“Ms. Loeffler’s ad contains misinformation and uses insinuation in a highly produced media piece. The most inflammatory insinuation is that Doug Collins belies his beliefs by representing people accused of crimes. This is a VERY wrong conclusion. Our RIGHT to a trial, with an attorney to represent us is a fundamental aspect of our American Constitution and criminal justice system - that men and women of honor have been building on for over 390 years. Defense attorneys stand in the gap between accusation and conviction - requiring the government to do its job, and do it by the law. Defense attorneys , and citizens serving as jurors, hold law enforcement, prosecutors, legislators, and yes, even judges, to the limit and requirements of their power.”
U.S. Sen. Kamala Harris of California endorsed Jon Ossoff’s campaign for U.S. Senate today - and sent out a fundraising email that called the Democrat a “champion of the people who will stand up to corruption and the abuse of power.”
He’s running against Republican incumbent David Perdue.
The Republican Jewish Coalition has made a rare primary endorsement, backing Dr. John Cowan in the 14th District congressional runoff over Marjorie Taylor Greene.
“The importance of the outcome of this run-off is too great for us to stay on the sidelines,” Executive Director Matt Brooks said in a news release. More:
“Dr. Cowan’s opponent, Marjorie Taylor Greene, would take our party in the wrong direction. Greene came to national attention for all the wrong reasons: repeatedly using offensive language in long online video diatribes, promoting bizarre political conspiracy theories, and refusing to admit a mistake after posing for photos smiling side by side with a long-time white supremacist leader.”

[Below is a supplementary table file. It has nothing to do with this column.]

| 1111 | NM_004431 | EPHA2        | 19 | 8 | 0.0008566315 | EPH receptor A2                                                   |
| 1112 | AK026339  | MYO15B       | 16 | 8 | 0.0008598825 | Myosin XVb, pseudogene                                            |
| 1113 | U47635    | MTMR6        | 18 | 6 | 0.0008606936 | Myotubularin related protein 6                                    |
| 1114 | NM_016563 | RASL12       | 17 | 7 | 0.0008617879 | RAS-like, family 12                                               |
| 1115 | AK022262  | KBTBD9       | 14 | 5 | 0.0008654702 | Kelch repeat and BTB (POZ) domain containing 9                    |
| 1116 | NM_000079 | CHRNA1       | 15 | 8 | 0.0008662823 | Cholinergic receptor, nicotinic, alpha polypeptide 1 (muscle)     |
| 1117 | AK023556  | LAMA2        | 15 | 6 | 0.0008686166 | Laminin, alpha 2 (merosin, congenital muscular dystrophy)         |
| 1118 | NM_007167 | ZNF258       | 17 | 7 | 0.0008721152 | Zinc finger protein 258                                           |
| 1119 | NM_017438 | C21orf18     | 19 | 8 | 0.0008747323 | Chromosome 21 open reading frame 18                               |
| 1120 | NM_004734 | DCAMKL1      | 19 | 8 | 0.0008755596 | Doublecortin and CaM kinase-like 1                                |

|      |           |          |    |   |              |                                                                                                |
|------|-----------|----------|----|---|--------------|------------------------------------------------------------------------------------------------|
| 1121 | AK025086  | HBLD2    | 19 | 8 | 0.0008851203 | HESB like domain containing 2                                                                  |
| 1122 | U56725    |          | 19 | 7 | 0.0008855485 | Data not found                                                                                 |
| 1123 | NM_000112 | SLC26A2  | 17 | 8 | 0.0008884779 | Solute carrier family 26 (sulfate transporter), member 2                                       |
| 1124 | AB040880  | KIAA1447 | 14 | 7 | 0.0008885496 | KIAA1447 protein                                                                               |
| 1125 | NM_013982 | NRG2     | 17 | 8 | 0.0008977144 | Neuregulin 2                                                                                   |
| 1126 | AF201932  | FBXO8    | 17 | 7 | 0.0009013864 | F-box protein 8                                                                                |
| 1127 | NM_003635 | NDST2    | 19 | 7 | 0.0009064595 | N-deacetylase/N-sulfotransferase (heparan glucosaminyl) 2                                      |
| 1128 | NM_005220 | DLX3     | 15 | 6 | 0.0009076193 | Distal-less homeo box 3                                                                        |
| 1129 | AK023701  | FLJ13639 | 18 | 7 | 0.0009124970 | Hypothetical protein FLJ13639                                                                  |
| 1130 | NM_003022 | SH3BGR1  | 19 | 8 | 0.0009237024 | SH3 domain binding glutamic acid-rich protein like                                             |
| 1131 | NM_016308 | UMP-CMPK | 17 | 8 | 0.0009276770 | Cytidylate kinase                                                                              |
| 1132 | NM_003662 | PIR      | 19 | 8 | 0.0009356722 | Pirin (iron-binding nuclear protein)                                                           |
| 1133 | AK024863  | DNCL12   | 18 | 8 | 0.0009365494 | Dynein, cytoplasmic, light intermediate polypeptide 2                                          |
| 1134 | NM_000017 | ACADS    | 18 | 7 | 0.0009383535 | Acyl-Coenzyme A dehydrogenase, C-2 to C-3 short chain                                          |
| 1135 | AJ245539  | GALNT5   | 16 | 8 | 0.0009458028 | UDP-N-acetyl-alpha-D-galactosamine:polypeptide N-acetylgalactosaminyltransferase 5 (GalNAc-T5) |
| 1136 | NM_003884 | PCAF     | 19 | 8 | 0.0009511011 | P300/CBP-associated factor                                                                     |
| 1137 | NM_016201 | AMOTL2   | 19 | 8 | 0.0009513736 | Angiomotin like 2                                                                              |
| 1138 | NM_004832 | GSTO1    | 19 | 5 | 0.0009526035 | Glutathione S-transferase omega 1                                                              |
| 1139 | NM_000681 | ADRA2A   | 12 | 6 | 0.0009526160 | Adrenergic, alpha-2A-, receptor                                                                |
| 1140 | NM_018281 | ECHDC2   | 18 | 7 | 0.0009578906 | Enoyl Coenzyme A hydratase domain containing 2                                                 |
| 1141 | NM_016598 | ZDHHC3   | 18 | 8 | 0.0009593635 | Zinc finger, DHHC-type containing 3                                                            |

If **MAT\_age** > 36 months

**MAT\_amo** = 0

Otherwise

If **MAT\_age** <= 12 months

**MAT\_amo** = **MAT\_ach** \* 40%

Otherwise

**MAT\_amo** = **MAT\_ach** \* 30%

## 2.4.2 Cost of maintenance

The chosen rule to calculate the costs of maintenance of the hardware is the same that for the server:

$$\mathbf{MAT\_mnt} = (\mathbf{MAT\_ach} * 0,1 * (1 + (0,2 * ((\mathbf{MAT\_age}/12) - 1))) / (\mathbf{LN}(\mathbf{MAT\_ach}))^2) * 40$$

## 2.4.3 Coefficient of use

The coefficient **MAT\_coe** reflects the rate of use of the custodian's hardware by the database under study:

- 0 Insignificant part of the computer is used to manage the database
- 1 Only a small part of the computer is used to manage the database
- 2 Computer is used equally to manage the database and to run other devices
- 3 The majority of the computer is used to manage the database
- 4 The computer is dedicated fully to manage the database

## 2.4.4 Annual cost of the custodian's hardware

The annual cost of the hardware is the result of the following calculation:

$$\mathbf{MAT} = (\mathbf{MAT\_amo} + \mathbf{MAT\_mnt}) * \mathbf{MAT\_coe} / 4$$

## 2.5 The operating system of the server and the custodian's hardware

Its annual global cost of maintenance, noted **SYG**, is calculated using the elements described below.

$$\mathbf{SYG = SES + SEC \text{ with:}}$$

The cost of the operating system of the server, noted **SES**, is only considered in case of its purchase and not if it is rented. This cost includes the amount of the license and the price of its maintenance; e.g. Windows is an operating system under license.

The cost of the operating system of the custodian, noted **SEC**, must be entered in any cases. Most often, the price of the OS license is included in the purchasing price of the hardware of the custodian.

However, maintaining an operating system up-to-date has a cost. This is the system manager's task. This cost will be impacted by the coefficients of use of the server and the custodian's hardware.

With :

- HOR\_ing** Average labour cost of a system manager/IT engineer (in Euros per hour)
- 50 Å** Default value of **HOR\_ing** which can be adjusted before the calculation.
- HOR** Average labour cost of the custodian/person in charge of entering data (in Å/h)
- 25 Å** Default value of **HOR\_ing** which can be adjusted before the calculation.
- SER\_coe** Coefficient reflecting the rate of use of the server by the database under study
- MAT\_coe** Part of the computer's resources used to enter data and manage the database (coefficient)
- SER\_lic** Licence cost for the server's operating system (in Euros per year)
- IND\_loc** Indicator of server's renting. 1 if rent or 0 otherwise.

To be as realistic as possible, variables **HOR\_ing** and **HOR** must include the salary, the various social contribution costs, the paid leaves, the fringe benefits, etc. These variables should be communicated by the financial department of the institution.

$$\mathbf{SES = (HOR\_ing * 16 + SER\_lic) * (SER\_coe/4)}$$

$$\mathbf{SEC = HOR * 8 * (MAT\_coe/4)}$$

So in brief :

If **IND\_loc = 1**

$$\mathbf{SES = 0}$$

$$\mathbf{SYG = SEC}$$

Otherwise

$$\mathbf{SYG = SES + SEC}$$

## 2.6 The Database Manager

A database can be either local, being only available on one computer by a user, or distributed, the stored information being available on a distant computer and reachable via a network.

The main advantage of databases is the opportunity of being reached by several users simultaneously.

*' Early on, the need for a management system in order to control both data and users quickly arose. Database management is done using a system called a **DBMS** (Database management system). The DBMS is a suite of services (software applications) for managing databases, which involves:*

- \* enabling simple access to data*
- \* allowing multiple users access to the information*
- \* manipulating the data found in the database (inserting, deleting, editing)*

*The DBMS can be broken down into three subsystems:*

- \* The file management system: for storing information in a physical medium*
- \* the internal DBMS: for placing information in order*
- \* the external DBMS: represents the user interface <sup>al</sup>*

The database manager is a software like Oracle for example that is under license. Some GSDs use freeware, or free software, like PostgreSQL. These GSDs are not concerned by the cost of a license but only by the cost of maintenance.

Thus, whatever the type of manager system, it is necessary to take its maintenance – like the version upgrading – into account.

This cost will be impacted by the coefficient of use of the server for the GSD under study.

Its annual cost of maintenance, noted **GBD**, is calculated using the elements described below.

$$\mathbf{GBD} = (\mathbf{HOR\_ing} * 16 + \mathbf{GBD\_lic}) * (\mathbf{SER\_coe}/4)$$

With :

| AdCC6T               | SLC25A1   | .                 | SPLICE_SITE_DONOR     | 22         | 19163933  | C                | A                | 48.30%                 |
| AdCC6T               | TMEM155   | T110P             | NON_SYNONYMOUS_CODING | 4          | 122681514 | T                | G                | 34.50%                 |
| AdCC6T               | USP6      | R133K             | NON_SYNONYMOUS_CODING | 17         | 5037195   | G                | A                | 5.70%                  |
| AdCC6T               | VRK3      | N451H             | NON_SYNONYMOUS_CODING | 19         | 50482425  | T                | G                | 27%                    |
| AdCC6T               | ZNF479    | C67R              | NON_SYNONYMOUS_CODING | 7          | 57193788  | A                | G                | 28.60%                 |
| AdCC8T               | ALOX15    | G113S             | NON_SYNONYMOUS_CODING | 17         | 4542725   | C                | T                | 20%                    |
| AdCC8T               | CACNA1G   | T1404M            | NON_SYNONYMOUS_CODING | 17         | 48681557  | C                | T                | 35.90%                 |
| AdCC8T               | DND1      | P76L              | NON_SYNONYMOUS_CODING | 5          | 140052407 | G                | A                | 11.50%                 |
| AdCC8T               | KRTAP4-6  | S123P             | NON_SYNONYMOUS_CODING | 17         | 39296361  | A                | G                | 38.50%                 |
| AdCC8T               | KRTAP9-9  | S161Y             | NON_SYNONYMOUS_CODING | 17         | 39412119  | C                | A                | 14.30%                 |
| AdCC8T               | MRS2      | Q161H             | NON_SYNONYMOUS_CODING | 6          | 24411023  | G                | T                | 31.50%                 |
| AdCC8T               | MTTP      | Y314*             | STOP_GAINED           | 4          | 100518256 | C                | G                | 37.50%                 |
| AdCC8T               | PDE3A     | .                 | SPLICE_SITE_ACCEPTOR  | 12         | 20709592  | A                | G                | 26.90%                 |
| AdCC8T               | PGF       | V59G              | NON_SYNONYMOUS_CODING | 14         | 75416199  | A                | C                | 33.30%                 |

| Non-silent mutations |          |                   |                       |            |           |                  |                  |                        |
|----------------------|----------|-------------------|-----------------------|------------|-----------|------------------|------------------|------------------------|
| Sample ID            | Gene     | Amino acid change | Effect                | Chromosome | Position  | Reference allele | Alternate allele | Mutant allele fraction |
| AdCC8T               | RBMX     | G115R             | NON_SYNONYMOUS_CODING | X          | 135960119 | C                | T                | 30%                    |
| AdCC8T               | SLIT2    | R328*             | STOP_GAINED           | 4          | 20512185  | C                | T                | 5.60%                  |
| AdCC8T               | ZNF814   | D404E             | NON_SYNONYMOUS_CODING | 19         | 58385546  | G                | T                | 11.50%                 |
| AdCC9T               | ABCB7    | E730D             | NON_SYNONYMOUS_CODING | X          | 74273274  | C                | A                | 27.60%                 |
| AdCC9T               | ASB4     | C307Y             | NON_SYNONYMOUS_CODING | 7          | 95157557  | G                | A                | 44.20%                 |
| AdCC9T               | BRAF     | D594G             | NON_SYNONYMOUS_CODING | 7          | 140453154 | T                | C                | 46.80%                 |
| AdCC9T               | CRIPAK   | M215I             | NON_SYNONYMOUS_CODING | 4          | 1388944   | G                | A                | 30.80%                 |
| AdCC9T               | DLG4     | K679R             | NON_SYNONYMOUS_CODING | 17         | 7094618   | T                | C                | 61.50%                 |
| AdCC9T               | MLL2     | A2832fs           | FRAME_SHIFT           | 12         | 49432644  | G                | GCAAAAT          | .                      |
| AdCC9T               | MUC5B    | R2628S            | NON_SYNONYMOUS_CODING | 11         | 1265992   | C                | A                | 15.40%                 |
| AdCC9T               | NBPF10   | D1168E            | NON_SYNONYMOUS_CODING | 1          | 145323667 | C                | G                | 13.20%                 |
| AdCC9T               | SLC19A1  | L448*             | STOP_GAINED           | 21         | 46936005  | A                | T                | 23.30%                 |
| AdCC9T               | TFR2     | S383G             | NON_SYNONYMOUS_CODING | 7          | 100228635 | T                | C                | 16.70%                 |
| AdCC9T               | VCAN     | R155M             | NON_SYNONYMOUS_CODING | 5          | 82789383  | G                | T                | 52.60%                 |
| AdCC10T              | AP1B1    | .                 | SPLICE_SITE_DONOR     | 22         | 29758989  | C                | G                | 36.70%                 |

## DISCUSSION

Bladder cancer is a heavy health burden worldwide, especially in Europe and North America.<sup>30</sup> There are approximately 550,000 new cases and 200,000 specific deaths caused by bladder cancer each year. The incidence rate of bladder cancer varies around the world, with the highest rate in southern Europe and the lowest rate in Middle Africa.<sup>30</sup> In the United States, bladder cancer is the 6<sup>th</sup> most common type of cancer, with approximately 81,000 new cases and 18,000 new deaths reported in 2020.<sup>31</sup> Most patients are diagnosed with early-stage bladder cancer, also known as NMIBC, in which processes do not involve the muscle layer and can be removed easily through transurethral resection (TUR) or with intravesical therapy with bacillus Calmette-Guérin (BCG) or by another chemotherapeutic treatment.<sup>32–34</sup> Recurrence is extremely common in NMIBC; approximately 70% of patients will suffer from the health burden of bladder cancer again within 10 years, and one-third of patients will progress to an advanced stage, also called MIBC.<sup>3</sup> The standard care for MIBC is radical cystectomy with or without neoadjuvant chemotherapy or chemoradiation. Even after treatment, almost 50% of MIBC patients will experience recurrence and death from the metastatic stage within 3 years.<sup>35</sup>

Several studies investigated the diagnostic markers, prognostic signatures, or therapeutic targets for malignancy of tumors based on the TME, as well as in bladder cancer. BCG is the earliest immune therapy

The RJC did not endorse any candidate in the Ninth District congressional race, but it previously distanced itself from state Rep. Matt Gurtler, one of two candidates now in the August runoff. Brooks told the Jewish Insider website that his organization would not back Gurtler or Greene if they advanced to the general election.
Big tech isn’t necessarily bad tech. That’s the message today from a new digital ad campaign from the National Taxpayers Union that opposes spending public money investigating American tech firms.
The ad targeting Georgia voters coincides with a pending congressional subcommittee hearing with executives from four major firms. Watch it here.
U.S. Rep. Jody Hice, R-Monroe, wants Twitter to provide more details about the widespread outage earlier this month that blocked some of the most prominent users from access to the site for over an hour.
Twitter reported that hackers targeted 130 accounts, attempting to change their passwords and posting Bitcoin solicitations. In a letter to CEO Jack Dorsey, Hice asked for written answers about the scope of the breach and internal tools that may have been exploited or compromised. Eighteen other members, none from Georgia, also signed the letter.
Joe Biden will hold a virtual fundraiser on Monday — and his featured guest will be Atlanta Mayor Keisha Lance Bottoms, his potential running mate. The invite is here.
The Washington Post reports that the Democratic Party has produced a 2020 platform draft that opposes “regime change,” proposes “less” spending on national defense and remains silent on former vice president Joe Biden’s proposal to ban new fracking leases on public lands. From the article:
The drafting committee was chaired by Atlanta Mayor Keisha Lance Bottoms (D), who was joined by longtime party stalwarts including Richard Trumka, the president of the AFL-CIO, and Sen. Tammy Duckworth (D-Ill.).